15th May 2021
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Activist wants Lakes ‘Gelweng’ disarmed immediately

Author: Okot Emmanuel | Published: Wednesday, April 28, 2021

Armed youth in a cattle camp near Rumbek, Lakes State | File photo

A civil society group has echoed call on the government to swiftly deploy a rapid response forces to contain the insecurity in Lake State.

“The situation in Lakes State and Rumbek in particular seems to be going out of hand and, therefore, the government needs to consider it a national issue and now requires additional forces,” argues Jame Kolok, who heads the Foundation for Democracy and Accountable Governance.

Lately, Lakes State has been experiencing waves of communal violence, mainly fueled by revenge attacks, cattle raiding, and banditry.

Despite several disarmament exercises conducted in the state, armed youth – commonly known as “Gelweng” – are still in possession of firearms.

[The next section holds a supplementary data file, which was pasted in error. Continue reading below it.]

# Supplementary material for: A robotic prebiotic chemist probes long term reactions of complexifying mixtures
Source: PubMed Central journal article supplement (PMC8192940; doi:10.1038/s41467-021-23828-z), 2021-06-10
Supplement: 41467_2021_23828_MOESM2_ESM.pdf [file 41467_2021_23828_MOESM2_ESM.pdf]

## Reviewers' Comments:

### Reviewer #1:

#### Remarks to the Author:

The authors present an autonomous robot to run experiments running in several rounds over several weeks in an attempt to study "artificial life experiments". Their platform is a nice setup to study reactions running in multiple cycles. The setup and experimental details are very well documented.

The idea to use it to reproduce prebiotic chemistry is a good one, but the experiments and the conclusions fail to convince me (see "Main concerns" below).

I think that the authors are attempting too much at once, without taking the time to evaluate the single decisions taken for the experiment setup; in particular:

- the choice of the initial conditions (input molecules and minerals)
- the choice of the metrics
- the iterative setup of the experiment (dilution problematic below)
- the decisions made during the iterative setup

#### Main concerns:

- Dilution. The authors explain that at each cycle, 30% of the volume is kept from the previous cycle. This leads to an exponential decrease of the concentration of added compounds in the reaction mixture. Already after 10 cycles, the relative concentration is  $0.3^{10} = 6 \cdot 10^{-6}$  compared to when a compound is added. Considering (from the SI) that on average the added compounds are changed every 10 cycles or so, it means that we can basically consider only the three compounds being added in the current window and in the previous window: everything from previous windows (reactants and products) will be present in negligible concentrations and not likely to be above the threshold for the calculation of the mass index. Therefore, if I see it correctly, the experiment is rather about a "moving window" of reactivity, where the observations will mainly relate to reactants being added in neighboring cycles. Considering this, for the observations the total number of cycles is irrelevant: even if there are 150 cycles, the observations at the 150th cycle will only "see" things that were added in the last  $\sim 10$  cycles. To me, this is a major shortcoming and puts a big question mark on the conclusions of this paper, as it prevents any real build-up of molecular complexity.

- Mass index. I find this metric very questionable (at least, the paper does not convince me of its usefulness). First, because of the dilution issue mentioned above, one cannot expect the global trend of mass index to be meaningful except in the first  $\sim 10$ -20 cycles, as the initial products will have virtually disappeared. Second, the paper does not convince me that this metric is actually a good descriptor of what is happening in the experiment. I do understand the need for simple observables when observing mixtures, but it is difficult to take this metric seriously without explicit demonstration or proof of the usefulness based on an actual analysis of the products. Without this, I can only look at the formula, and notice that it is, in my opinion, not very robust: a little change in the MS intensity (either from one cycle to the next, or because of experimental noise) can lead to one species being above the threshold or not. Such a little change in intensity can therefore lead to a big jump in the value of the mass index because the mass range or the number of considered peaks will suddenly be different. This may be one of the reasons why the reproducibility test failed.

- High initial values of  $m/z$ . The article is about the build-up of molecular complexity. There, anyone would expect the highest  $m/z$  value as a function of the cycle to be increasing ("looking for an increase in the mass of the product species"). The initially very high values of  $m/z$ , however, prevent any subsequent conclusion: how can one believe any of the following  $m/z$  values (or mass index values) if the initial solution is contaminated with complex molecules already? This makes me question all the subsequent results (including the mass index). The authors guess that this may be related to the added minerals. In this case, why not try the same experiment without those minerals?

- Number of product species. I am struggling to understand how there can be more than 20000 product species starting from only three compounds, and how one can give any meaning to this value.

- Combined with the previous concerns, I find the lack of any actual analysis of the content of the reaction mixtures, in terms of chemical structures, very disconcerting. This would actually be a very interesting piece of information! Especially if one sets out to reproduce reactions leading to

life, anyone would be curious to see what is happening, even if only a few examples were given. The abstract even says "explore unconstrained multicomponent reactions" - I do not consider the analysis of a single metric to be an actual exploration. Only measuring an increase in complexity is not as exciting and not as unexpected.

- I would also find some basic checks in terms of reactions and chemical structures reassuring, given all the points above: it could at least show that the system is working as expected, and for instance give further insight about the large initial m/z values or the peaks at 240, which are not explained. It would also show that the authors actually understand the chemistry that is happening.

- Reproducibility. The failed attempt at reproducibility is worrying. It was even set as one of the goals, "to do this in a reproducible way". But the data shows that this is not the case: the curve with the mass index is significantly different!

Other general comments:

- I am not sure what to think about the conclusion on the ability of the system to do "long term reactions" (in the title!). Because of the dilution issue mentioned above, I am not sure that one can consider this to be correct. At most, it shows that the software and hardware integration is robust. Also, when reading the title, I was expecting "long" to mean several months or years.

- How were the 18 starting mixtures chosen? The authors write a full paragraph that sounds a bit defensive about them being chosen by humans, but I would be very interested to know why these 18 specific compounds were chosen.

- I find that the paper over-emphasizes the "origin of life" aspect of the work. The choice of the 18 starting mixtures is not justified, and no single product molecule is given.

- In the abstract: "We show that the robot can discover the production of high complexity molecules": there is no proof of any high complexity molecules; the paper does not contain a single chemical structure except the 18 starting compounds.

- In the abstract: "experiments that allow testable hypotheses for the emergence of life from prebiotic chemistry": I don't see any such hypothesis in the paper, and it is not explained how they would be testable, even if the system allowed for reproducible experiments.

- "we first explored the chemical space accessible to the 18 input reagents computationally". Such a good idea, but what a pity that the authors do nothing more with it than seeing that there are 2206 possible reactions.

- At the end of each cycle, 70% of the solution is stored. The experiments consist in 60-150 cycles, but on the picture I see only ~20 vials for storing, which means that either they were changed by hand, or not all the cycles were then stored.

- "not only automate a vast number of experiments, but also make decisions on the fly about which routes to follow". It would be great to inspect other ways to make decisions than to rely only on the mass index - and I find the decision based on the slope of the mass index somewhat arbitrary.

On Sunday night, the Bishop-elect of the Rumbek Diocese – Father Christian Carlassare – was shot in the legs at his residence by unidentified assailants.

On Tuesday, two lactating mothers were shot dead at Akot Payam in Rumbek East County while fetching water in the morning.

Kolok stressed that all these incidents show that the unity government has failed in providing security to its citizen.

“As civil society…we also need to ensure that some serious action are actually taken against some of the perpetrators of this violence,” he added.

According to the state police spokesperson, at least 20 people, including police officers, are being held in connection with the attack on the Italian national.

Earlier, the archbishop of the Catholic Diocese of Juba called for disarmament exercise in the State to end the circle of violence there.

The government has often said it is difficult to confiscate weapons from the hands of local youth because they are more “heavily armed than the organized forces”.

In addition, a survey released recently by the South Sudan Network on Small Arms pointed out that some communities have refused to hand over their firearms, arguing that it could leave them vulnerable to raids.

But some past media reports showed that government soldiers were involved in killing of civilians in the state.

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